The Taliban has issued yet another decree imposing further restrictions on Afghan women, and criminalising their clothing.
While the Taliban have always imposed restrictions to govern the bodies of Afghan women, the decree is the first for this regime where criminal punishment is assigned for violation of the dress code for women.
The Taliban’s recently reinstated Ministry for the Propagation of Virtue and Prevention of Vice announced on Saturday that it is “required for all respectable Afghan women to wear a hijab”, or headscarf.
The ministry, in a statement, identified the chadori (the blue-coloured Afghan burqa or full-body veil) as the “best hijab” of choice.
Also acceptable as a hijab, the statement declared, is a long black veil covering a woman from head to toe.
The ministry statement provided a description: “Any garment covering the body of a woman is considered a hijab, provided that it is not too tight to represent the body parts nor is it thin enough to reveal the body.”
Punishment was also detailed: Male guardians of offending women will receive a warning, and for repeated offences they will be imprisoned.
“If a woman is caught without a hijab, her mahram (a male guardian) will be warned. The second time, the guardian will be summoned [by Taliban officials], and after repeated summons, her guardian will be imprisoned for three days,” according to the statement.
Akif Muhajir, a spokesman for the ministry, said that government employees who violate the hijab rule will be fired.
And male guardians found guilty of repeated offences “will be sent to the court for further punishment”, he said.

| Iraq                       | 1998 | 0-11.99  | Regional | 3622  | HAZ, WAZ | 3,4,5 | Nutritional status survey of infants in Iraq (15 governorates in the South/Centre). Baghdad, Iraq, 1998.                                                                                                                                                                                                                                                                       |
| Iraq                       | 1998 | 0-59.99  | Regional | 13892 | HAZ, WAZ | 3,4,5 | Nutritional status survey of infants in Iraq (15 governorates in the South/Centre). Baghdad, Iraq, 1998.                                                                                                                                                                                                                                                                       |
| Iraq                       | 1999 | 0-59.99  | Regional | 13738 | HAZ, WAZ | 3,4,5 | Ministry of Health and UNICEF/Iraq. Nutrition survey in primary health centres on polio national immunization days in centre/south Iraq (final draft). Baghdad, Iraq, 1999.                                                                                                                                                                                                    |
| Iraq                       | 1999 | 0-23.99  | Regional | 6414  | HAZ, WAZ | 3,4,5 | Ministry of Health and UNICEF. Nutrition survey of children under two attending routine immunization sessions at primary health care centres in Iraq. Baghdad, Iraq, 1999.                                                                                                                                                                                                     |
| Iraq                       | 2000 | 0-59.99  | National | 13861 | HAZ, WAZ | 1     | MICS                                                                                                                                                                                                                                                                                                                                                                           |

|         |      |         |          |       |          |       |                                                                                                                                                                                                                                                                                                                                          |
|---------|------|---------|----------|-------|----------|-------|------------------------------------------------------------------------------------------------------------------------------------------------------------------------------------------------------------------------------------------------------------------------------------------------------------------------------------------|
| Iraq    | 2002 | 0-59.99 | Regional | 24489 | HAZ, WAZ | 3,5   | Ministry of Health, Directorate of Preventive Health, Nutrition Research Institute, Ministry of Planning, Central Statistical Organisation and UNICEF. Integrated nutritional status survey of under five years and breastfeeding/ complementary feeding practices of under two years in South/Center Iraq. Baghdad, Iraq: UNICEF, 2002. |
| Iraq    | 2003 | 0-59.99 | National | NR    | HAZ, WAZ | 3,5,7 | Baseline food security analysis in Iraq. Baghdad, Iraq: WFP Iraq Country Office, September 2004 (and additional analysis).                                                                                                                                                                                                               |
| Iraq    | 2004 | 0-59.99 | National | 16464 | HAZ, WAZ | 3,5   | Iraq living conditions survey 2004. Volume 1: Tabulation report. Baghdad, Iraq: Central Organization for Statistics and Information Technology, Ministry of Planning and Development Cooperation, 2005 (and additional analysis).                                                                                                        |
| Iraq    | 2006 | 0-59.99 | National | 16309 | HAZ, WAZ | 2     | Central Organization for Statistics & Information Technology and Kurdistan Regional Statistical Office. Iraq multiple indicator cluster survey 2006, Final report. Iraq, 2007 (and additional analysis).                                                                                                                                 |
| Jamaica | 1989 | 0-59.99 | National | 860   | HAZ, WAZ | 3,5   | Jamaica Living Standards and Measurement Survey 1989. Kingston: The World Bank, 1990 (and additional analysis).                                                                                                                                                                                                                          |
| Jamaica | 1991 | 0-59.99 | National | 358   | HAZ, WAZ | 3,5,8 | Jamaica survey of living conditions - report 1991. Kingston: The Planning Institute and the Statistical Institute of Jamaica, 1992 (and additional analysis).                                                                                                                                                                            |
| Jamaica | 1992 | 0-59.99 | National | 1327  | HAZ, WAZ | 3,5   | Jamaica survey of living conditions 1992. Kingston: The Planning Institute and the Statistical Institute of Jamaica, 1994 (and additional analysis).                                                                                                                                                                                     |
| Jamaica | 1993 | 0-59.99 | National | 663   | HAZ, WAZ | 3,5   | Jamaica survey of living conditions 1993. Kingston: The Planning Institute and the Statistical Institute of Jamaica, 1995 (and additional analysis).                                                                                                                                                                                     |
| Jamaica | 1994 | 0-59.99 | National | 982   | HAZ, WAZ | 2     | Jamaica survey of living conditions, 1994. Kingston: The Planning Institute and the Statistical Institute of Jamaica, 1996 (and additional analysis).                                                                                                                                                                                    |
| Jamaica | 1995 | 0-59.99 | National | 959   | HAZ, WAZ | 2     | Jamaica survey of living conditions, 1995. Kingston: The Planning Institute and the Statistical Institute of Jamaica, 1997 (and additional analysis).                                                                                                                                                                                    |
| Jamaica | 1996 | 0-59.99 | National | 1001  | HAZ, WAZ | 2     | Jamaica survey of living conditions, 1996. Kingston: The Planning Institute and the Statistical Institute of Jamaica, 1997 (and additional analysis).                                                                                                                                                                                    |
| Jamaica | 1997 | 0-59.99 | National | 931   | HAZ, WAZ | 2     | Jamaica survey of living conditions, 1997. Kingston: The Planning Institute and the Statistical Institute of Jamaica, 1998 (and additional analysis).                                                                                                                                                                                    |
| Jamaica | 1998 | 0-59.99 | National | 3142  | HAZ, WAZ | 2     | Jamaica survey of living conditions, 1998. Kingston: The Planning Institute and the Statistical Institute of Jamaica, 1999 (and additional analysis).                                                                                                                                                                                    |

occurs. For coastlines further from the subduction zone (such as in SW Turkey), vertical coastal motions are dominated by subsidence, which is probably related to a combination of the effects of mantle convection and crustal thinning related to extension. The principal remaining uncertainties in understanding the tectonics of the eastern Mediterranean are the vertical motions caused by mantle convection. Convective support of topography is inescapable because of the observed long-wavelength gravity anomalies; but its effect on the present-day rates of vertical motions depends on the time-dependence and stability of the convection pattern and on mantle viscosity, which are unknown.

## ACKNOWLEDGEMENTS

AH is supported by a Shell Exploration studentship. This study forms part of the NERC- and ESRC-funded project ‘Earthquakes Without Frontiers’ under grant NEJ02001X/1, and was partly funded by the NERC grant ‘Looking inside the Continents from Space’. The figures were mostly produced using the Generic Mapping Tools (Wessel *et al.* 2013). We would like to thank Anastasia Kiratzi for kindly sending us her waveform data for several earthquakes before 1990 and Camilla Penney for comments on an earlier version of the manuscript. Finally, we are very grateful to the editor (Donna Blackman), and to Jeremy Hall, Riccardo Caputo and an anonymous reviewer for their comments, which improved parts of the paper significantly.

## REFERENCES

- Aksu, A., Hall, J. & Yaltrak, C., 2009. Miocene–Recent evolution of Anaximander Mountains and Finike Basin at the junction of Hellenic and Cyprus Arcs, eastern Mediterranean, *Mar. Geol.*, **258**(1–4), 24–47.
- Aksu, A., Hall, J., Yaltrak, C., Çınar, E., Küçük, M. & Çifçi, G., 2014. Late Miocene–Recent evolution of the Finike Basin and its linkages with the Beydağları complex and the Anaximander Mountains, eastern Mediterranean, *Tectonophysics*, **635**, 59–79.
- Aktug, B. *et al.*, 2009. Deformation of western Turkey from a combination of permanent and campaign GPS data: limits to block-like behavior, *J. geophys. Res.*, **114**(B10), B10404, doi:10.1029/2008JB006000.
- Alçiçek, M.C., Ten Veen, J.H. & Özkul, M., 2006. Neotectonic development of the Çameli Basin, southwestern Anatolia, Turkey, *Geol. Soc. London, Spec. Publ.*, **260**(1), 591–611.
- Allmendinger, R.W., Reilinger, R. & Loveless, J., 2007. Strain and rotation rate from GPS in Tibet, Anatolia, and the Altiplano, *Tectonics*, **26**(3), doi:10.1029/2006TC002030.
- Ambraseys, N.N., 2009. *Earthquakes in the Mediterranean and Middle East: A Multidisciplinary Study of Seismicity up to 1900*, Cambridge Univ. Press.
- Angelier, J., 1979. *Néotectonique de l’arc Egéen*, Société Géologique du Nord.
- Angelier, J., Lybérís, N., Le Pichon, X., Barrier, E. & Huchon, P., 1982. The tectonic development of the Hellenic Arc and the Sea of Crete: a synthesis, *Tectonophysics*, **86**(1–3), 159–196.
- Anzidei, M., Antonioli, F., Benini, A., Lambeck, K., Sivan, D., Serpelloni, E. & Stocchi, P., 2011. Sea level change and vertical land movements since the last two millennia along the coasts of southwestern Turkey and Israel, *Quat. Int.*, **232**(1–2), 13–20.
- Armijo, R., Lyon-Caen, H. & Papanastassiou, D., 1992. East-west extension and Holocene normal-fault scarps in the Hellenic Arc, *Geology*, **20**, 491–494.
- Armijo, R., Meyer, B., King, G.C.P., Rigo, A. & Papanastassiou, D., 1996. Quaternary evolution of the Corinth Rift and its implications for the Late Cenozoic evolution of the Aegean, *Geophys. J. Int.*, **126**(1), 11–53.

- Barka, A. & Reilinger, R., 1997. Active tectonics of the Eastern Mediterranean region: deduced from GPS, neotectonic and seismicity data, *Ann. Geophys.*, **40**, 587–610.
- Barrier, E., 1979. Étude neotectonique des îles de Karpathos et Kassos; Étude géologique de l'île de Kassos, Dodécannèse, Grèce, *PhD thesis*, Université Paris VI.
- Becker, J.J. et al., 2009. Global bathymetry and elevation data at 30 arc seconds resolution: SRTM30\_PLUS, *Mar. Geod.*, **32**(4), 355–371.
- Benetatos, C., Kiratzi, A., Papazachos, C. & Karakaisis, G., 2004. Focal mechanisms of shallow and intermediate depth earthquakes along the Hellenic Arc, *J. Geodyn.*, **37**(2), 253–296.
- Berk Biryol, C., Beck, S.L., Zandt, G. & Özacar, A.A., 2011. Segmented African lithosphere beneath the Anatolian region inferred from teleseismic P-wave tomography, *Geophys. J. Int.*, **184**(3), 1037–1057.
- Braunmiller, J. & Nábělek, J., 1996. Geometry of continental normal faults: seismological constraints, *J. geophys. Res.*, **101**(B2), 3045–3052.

The new decree is the latest in a series of edicts restricting women’s freedoms imposed since the Taliban seized power in Afghanistan last summer. News of the decree was received with widespread condemnation and outrage by Afghan women and activists.
“Why have they reduced women to [an] object that is being sexualised?” asked Marzia, a 50-year-old university professor from Kabul.
The professor’s name has been changed to protect her identity, as she fears Taliban repercussions for expressing her views publicly.
“I am a practicing Muslim and value what Islam has taught me. If, as Muslim men, they have a problem with my hijab, then they should observe their own hijab and lower their gaze,” she said.
“Why should we be treated like third-class citizens because they cannot practice Islam and control their sexual desires?” the professor asked, anger evident in her voice.
As an unmarried woman who looks after her mother, Marzia does not have a mahram. She is the sole breadwinner in her small family.
“I am unmarried, and my father died very long ago, and I look after my mother,” she said.
“The Taliban killed my brother, my only mahram, in an attack 18 years ago. Would they now have me borrow a mahram for them [to] punish me next time?” she asked.
Marzia has repeatedly been stopped by the Taliban while travelling on her own to work in her university, which is a violation of an earlier edict that forbids women from travelling alone.
“They regularly stop the taxi I am in, asking where my mahram is,” Marzia said.
“When I try to explain I don’t have one, they won’t listen. It doesn’t matter that I am a respected professor; they show no dignity and order the taxi drivers to abandon me on the roads,” she said.